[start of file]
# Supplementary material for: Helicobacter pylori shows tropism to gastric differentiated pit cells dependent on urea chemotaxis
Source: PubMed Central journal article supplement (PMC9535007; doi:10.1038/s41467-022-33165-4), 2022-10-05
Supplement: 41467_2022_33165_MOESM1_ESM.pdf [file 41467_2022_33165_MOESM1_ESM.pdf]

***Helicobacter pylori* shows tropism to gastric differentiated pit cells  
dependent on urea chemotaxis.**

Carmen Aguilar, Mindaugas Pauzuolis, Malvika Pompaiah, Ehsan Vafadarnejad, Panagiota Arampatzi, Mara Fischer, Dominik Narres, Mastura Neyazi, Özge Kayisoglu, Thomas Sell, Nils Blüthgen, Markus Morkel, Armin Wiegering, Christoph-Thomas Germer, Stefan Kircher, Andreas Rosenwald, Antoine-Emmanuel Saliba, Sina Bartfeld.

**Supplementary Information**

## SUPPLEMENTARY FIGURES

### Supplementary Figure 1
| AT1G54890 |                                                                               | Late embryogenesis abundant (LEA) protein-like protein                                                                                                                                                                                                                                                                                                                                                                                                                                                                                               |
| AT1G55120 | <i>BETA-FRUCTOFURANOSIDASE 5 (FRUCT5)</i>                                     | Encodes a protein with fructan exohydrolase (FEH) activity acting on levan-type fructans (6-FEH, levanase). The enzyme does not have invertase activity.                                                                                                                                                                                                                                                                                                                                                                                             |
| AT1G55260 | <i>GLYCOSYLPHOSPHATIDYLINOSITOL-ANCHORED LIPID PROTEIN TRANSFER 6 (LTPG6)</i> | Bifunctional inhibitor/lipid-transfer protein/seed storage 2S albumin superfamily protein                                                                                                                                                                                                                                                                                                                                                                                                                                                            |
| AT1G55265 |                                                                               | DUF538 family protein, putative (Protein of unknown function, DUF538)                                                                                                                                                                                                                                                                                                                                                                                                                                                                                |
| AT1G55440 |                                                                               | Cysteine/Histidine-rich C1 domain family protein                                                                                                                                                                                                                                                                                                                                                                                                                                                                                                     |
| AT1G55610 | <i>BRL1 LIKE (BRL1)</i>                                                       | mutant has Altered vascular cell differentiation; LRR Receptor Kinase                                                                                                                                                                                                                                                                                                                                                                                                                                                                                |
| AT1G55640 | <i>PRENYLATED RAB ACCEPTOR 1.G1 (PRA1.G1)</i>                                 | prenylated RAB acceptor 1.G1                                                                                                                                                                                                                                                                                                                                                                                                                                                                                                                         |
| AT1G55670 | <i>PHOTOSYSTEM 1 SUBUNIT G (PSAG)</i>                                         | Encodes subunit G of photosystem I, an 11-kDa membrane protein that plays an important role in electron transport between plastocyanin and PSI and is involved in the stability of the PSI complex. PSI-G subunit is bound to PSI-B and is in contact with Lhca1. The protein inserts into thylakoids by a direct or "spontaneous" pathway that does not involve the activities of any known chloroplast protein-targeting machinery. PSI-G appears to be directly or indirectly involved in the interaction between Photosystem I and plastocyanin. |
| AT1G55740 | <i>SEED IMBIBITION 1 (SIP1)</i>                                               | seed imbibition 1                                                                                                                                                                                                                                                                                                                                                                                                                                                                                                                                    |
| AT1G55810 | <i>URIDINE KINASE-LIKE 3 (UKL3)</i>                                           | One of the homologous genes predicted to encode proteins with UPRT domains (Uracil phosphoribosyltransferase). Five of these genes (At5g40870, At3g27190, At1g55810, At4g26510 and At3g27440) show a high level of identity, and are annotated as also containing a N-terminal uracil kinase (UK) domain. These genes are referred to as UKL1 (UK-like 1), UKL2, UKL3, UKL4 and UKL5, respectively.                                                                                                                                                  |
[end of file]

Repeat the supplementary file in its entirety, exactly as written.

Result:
# Supplementary material for: Helicobacter pylori shows tropism to gastric differentiated pit cells dependent on urea chemotaxis
Source: PubMed Central journal article supplement (PMC9535007; doi:10.1038/s41467-022-33165-4), 2022-10-05
Supplement: 41467_2022_33165_MOESM1_ESM.pdf [file 41467_2022_33165_MOESM1_ESM.pdf]

***Helicobacter pylori* shows tropism to gastric differentiated pit cells  
dependent on urea chemotaxis.**

Carmen Aguilar, Mindaugas Pauzuolis, Malvika Pompaiah, Ehsan Vafadarnejad, Panagiota Arampatzi, Mara Fischer, Dominik Narres, Mastura Neyazi, Özge Kayisoglu, Thomas Sell, Nils Blüthgen, Markus Morkel, Armin Wiegering, Christoph-Thomas Germer, Stefan Kircher, Andreas Rosenwald, Antoine-Emmanuel Saliba, Sina Bartfeld.

**Supplementary Information**

## SUPPLEMENTARY FIGURES

### Supplementary Figure 1
| AT1G54890 |                                                                               | Late embryogenesis abundant (LEA) protein-like protein                                                                                                                                                                                                                                                                                                                                                                                                                                                                                               |
| AT1G55120 | <i>BETA-FRUCTOFURANOSIDASE 5 (FRUCT5)</i>                                     | Encodes a protein with fructan exohydrolase (FEH) activity acting on levan-type fructans (6-FEH, levanase). The enzyme does not have invertase activity.                                                                                                                                                                                                                                                                                                                                                                                             |
| AT1G55260 | <i>GLYCOSYLPHOSPHATIDYLINOSITOL-ANCHORED LIPID PROTEIN TRANSFER 6 (LTPG6)</i> | Bifunctional inhibitor/lipid-transfer protein/seed storage 2S albumin superfamily protein                                                                                                                                                                                                                                                                                                                                                                                                                                                            |
| AT1G55265 |                                                                               | DUF538 family protein, putative (Protein of unknown function, DUF538)                                                                                                                                                                                                                                                                                                                                                                                                                                                                                |
| AT1G55440 |                                                                               | Cysteine/Histidine-rich C1 domain family protein                                                                                                                                                                                                                                                                                                                                                                                                                                                                                                     |
| AT1G55610 | <i>BRL1 LIKE (BRL1)</i>                                                       | mutant has Altered vascular cell differentiation; LRR Receptor Kinase                                                                                                                                                                                                                                                                                                                                                                                                                                                                                |
| AT1G55640 | <i>PRENYLATED RAB ACCEPTOR 1.G1 (PRA1.G1)</i>                                 | prenylated RAB acceptor 1.G1                                                                                                                                                                                                                                                                                                                                                                                                                                                                                                                         |
| AT1G55670 | <i>PHOTOSYSTEM 1 SUBUNIT G (PSAG)</i>                                         | Encodes subunit G of photosystem I, an 11-kDa membrane protein that plays an important role in electron transport between plastocyanin and PSI and is involved in the stability of the PSI complex. PSI-G subunit is bound to PSI-B and is in contact with Lhca1. The protein inserts into thylakoids by a direct or "spontaneous" pathway that does not involve the activities of any known chloroplast protein-targeting machinery. PSI-G appears to be directly or indirectly involved in the interaction between Photosystem I and plastocyanin. |
| AT1G55740 | <i>SEED IMBIBITION 1 (SIP1)</i>                                               | seed imbibition 1                                                                                                                                                                                                                                                                                                                                                                                                                                                                                                                                    |
| AT1G55810 | <i>URIDINE KINASE-LIKE 3 (UKL3)</i>                                           | One of the homologous genes predicted to encode proteins with UPRT domains (Uracil phosphoribosyltransferase). Five of these genes (At5g40870, At3g27190, At1g55810, At4g26510 and At3g27440) show a high level of identity, and are annotated as also containing a N-terminal uracil kinase (UK) domain. These genes are referred to as UKL1 (UK-like 1), UKL2, UKL3, UKL4 and UKL5, respectively.                                                                                                                                                  |